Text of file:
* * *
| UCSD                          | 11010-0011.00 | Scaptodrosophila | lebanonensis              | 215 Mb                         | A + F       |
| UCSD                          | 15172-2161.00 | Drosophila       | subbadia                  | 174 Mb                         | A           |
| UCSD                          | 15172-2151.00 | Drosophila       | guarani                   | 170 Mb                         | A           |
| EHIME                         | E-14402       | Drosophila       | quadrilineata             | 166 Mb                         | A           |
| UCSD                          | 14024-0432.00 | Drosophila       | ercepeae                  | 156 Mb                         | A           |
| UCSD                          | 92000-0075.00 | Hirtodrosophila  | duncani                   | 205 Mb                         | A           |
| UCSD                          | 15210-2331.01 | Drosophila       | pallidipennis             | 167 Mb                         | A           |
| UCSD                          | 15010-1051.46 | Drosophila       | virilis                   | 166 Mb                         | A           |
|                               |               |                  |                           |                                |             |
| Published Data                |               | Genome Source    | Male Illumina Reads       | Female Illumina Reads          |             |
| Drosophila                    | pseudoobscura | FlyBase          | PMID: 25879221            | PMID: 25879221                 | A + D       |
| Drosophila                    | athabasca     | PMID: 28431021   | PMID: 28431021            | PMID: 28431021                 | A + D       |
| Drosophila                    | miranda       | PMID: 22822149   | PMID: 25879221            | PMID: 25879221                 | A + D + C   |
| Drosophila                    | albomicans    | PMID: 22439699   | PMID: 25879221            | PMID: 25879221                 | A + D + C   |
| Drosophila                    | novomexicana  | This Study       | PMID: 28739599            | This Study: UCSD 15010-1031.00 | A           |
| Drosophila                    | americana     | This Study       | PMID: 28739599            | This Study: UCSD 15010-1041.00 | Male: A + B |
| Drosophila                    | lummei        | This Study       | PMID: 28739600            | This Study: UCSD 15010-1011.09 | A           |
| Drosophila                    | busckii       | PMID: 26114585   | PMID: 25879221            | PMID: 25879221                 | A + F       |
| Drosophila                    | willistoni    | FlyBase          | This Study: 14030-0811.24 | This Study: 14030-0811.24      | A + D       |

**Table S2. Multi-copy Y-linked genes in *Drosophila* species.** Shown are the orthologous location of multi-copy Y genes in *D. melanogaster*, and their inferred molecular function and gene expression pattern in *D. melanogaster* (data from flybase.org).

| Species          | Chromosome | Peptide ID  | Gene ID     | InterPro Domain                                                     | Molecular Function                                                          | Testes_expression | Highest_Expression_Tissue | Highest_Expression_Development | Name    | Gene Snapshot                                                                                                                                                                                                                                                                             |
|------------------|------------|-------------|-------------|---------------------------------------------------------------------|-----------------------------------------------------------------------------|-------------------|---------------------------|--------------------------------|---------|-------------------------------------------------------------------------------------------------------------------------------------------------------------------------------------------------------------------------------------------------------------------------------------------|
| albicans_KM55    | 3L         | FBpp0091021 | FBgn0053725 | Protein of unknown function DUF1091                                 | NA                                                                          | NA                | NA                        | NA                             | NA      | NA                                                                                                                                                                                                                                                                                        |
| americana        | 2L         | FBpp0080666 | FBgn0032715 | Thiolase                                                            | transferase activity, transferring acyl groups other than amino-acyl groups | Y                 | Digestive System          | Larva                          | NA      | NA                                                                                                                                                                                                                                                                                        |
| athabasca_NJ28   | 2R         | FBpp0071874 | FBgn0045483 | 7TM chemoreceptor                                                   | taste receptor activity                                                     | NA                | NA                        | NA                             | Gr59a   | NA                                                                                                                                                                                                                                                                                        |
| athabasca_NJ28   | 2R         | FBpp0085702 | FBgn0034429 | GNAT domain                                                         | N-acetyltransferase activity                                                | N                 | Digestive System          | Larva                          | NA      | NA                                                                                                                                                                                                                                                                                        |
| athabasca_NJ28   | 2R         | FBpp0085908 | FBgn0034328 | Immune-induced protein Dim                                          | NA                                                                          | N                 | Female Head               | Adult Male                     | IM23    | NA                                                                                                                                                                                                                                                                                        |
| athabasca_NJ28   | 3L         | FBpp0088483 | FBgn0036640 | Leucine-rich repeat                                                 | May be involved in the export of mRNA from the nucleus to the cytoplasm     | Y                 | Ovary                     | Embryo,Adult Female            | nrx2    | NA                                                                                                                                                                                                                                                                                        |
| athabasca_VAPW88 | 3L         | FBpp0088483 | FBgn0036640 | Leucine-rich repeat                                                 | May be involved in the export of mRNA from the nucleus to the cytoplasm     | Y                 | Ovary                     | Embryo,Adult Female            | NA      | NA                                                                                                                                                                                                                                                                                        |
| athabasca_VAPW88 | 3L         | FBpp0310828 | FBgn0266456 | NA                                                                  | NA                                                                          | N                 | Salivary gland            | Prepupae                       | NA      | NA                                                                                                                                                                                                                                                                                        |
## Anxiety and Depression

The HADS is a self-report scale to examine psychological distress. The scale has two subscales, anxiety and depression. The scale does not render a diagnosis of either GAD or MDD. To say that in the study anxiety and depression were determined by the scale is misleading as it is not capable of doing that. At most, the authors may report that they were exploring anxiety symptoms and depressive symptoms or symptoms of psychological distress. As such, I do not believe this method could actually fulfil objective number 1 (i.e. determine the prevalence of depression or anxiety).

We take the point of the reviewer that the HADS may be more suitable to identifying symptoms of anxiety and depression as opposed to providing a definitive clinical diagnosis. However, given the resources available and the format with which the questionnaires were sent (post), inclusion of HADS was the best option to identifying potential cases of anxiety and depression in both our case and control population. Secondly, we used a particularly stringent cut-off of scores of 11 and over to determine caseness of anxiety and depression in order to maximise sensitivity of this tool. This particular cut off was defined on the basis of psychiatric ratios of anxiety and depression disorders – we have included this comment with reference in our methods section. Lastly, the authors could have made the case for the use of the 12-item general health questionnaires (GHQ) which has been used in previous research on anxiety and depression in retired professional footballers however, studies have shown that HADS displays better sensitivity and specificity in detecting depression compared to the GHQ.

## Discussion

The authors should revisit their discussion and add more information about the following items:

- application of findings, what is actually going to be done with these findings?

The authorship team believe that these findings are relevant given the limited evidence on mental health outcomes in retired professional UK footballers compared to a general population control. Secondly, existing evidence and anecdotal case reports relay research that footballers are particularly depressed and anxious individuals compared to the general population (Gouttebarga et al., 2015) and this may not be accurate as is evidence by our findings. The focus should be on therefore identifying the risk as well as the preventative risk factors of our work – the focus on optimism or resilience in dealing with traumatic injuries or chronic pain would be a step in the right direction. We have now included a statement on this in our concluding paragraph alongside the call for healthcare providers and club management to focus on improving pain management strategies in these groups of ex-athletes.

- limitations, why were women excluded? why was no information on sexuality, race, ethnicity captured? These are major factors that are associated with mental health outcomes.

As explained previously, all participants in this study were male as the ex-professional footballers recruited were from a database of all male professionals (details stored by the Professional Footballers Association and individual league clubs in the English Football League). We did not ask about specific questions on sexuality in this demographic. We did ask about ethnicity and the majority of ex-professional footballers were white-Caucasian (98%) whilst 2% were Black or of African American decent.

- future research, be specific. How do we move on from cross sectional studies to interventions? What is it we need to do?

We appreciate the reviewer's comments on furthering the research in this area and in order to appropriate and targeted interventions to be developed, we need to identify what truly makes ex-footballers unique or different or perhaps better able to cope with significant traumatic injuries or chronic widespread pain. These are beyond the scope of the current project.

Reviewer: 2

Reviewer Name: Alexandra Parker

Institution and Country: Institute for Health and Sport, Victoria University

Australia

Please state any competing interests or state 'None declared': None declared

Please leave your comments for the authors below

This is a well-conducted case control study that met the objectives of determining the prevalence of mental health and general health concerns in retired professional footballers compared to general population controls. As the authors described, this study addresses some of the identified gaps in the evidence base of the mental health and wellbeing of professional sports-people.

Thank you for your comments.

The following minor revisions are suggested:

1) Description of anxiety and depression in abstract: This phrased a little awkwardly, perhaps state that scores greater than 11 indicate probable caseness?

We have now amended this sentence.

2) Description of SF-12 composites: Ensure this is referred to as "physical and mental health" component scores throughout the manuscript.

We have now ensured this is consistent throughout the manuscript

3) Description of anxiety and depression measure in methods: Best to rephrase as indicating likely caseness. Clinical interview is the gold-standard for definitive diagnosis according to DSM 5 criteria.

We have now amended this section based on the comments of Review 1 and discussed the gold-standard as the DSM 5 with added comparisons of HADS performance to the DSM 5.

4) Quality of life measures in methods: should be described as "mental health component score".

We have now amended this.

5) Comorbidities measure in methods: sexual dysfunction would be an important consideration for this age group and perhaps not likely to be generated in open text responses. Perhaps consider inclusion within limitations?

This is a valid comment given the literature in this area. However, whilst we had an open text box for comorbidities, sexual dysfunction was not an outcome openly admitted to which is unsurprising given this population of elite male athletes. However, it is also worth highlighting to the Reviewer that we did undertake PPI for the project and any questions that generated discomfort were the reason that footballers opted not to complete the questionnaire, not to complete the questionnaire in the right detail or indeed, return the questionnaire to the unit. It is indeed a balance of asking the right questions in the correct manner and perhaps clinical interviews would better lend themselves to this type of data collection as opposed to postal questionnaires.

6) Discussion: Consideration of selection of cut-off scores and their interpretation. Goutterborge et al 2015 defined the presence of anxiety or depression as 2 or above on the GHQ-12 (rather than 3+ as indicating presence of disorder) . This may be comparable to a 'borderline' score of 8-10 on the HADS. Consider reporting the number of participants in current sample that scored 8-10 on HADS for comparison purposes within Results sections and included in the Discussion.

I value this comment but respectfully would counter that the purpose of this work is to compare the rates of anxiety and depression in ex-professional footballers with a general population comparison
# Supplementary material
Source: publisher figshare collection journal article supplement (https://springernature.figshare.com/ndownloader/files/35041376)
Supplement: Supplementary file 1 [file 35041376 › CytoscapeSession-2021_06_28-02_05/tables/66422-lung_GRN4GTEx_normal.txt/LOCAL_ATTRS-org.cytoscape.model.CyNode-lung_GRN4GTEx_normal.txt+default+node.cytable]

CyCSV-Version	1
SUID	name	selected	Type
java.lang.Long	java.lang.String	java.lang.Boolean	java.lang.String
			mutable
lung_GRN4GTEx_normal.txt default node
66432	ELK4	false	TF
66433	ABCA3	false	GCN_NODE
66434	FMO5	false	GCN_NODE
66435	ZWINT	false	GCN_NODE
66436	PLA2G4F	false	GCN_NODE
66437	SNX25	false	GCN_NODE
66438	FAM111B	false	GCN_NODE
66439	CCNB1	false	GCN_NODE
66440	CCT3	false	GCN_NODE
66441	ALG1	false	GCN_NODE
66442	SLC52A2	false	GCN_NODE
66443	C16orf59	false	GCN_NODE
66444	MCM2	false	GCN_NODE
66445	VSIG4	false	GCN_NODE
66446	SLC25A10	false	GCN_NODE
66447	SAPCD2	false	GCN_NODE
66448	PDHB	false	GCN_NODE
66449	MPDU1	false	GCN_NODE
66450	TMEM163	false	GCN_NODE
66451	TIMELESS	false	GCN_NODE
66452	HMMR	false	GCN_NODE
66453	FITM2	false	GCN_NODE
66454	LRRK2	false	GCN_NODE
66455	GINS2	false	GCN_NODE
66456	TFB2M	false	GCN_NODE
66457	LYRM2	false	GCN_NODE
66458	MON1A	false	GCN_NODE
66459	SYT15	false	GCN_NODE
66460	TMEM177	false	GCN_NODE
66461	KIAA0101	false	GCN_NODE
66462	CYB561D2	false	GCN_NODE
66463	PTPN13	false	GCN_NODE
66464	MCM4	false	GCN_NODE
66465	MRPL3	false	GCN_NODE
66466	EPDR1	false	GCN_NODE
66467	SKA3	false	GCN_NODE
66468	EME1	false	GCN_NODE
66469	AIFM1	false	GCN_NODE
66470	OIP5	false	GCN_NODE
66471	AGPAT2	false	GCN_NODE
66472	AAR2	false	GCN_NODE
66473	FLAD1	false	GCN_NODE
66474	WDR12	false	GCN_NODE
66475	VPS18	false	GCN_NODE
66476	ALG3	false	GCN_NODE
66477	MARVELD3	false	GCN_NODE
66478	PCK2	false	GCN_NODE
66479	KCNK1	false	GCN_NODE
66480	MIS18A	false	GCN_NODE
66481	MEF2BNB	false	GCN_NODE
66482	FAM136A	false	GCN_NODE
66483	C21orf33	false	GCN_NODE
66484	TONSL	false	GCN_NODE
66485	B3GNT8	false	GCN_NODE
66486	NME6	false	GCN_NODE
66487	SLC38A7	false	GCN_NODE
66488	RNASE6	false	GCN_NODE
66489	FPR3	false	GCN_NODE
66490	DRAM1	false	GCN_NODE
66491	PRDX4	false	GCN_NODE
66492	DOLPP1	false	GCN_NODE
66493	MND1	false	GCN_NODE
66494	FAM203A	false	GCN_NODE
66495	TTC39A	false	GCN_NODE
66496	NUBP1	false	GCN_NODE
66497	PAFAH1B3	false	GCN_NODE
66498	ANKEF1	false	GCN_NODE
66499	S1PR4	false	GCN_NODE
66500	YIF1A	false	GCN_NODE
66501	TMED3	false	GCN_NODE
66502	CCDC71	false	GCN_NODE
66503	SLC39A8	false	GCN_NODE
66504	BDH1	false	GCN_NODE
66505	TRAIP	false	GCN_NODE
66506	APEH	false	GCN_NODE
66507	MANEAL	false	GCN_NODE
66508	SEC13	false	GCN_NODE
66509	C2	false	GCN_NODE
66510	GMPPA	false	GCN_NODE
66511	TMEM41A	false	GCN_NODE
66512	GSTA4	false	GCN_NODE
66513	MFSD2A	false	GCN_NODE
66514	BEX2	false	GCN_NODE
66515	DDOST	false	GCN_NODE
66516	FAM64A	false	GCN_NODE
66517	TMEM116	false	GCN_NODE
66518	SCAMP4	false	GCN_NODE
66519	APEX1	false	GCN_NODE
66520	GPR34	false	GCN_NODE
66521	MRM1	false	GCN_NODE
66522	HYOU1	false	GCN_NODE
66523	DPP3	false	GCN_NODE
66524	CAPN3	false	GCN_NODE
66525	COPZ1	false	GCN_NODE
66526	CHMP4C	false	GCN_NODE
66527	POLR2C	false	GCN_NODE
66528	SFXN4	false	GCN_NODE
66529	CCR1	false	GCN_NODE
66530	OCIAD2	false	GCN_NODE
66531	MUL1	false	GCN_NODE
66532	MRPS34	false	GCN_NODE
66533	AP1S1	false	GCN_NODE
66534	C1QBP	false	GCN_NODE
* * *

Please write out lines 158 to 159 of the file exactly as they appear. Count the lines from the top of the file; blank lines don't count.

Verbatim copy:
66519	APEX1	false	GCN_NODE
66520	GPR34	false	GCN_NODE